Retailers are all chasing a personalisation dream, aiming to tailor in-store and online propositions to ensure their customers feel like they’ve received relevant, impactful, and delightful experiences.
The success stories that are being written have a common subplot that tends to revolve around ramping up the service side of retail; investing in technology that enables both staff and websites to do their jobs better, and mixing it in with good, old-fashioned retail fundamentals.
Here, Frank Lochbaum, Managing Partner at KPS, shares his insights on three companies that are leading the way when it comes to building personal relationships with their customers.
No Nike postcode lottery
Sports brand Nike opened a new concept store in Los Angeles earlier this year, which it says is merchandised based on “a deep understanding of the neighbourhood” it resides in.
Nike by Melrose stocks a selection of Nike.com bestsellers and essentials, but it is noteworthy in that it also puts a greater emphasis on city-specific styles determined by Nike’s digital commerce data. It looks at local online buying patterns, app usage and app engagement, and stocks its store based on these analytics.
This initiative ticks so many boxes for modern retail – it shows a company that is neatly aligning its digital and physical assets, a business that is customer centric, and one that understands the importance of relevancy and playing up to personal preference. If the LA shop is successful, more so-called ‘Nike Live’ stores are expected to open in the near future.
John Lewis & Partners personalisation at a premium
News that UK department store chain, John Lewis, is rolling out an array of additional services in conjunction with its Cheltenham store opening brings into focus the art of the personalised service – from the basics to the very high-end.
Some 20 new services are available at the new store, aimed at contributing to ‘experiential retailing’ that today’s customers are increasingly demanding. One such initiative includes a private after-hours shopping service – for those who are willing to spend at least £10,000.
For that fee, staff will be available after normal shopping hours specifically to offer a one-to-one service to individuals, lead a groups of friends or a family around the aisles in the pursuit of kitting out a home, wardrobe or a combination of the two. It’s clearly a premium service, but it looks set to be a premium – and personalised – retail experience like no other.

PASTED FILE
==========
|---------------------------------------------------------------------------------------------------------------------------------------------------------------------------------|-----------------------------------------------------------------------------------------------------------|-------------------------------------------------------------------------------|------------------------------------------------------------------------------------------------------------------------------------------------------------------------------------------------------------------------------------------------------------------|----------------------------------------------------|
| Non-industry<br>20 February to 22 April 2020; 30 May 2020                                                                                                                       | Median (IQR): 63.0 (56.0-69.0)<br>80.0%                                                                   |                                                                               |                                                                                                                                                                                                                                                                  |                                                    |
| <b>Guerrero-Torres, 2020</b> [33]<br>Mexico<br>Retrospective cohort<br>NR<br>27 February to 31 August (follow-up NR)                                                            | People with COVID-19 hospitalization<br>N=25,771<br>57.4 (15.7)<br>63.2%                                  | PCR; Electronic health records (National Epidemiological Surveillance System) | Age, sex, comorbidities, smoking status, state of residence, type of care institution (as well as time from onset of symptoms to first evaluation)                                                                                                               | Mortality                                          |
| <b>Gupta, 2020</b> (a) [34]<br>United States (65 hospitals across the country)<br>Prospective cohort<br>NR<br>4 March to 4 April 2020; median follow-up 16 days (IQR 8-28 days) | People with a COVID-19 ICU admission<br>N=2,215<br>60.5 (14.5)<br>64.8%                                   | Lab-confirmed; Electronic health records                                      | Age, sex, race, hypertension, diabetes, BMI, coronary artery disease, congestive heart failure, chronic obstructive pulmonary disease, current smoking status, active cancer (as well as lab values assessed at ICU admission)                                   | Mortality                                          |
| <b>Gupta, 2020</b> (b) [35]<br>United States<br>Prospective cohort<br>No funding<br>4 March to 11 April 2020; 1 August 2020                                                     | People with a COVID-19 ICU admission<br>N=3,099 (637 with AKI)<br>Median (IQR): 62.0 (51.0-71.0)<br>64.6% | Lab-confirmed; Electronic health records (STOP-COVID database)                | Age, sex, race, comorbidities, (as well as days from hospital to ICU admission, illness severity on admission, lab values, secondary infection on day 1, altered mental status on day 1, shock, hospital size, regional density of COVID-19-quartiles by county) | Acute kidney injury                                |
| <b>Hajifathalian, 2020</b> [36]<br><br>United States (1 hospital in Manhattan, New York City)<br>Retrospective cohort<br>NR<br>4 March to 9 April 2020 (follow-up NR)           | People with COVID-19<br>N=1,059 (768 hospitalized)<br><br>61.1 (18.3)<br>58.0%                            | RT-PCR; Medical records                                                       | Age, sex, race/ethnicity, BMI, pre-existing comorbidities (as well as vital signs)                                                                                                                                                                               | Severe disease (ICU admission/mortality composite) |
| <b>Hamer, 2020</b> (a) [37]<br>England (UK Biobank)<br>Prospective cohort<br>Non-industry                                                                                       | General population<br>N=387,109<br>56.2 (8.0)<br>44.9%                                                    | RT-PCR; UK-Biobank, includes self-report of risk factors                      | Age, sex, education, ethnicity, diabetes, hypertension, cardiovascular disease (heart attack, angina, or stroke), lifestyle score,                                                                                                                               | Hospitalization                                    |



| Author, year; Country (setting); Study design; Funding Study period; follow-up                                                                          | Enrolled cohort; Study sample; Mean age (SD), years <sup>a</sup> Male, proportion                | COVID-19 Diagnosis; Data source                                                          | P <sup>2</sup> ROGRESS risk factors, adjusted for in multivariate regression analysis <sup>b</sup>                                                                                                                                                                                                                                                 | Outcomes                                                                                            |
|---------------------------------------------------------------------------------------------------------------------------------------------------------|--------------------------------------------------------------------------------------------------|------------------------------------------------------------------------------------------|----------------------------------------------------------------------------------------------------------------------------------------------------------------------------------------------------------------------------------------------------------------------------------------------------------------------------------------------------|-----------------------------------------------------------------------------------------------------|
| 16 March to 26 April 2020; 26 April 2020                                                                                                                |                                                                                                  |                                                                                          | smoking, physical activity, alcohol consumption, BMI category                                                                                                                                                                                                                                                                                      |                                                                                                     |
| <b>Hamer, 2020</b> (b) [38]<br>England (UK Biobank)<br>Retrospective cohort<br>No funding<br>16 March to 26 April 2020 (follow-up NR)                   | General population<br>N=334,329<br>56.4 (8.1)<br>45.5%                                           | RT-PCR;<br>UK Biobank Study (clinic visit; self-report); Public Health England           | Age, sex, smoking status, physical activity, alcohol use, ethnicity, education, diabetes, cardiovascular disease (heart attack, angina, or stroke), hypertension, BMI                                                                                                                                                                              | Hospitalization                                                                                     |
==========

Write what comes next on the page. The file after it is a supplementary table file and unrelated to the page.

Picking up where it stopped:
Of course, every retail experience in the store should be as personal as possible – and John Lewis should know that it will only gain credit with its wider customer base if it offers a personalised and special service for all its customers, no matter how much they are willing to spend.
Pringle gets personal
Away from those big-name retail names, luxury knitwear manufacturer, Pringle of Scotland, is another example of a company focused on personalisation. A few years back it launched a special e-commerce site that allowed its customers a chance to create and purchase bespoke Pringle pieces.
Consumers could pick a style they liked, and customise up to 13 different parts – colour, fit, and texture for example – of the selected garments presented on the Pringle Deconstructed site. Every piece available was completely customisable – from the sleeves to the neck trim, and even the brand’s classic diamond pattern – to give a real special service to users.
The holy trinity of retail services
So, what do these three retail businesses, Nike, John Lewis, and Pringle, all have in common? It’s the holy trinity of service, technology, and tried and trusted retail skills being optimised to good effect, which have resulted in personalised experiences for customers when they are most required.
Of course, using data to better tailor interactions with customers is important – be it email segmentation, general online search or through the use of CRM systems actively being used in the store environment.
And, naturally being able to hone your product offer and customer service offering to the ‘market of one’ has huge benefits in terms of making sure individuals feel special at the point of consideration, or the all-important point of purchase.
But, ultimately, personalisation comes down to emotion and brand equity in the eyes of the customer: and there are many moving parts that retailers need to ride and maintain to ensure those emotions and company interactions are positive ones – and continue to be so in the future.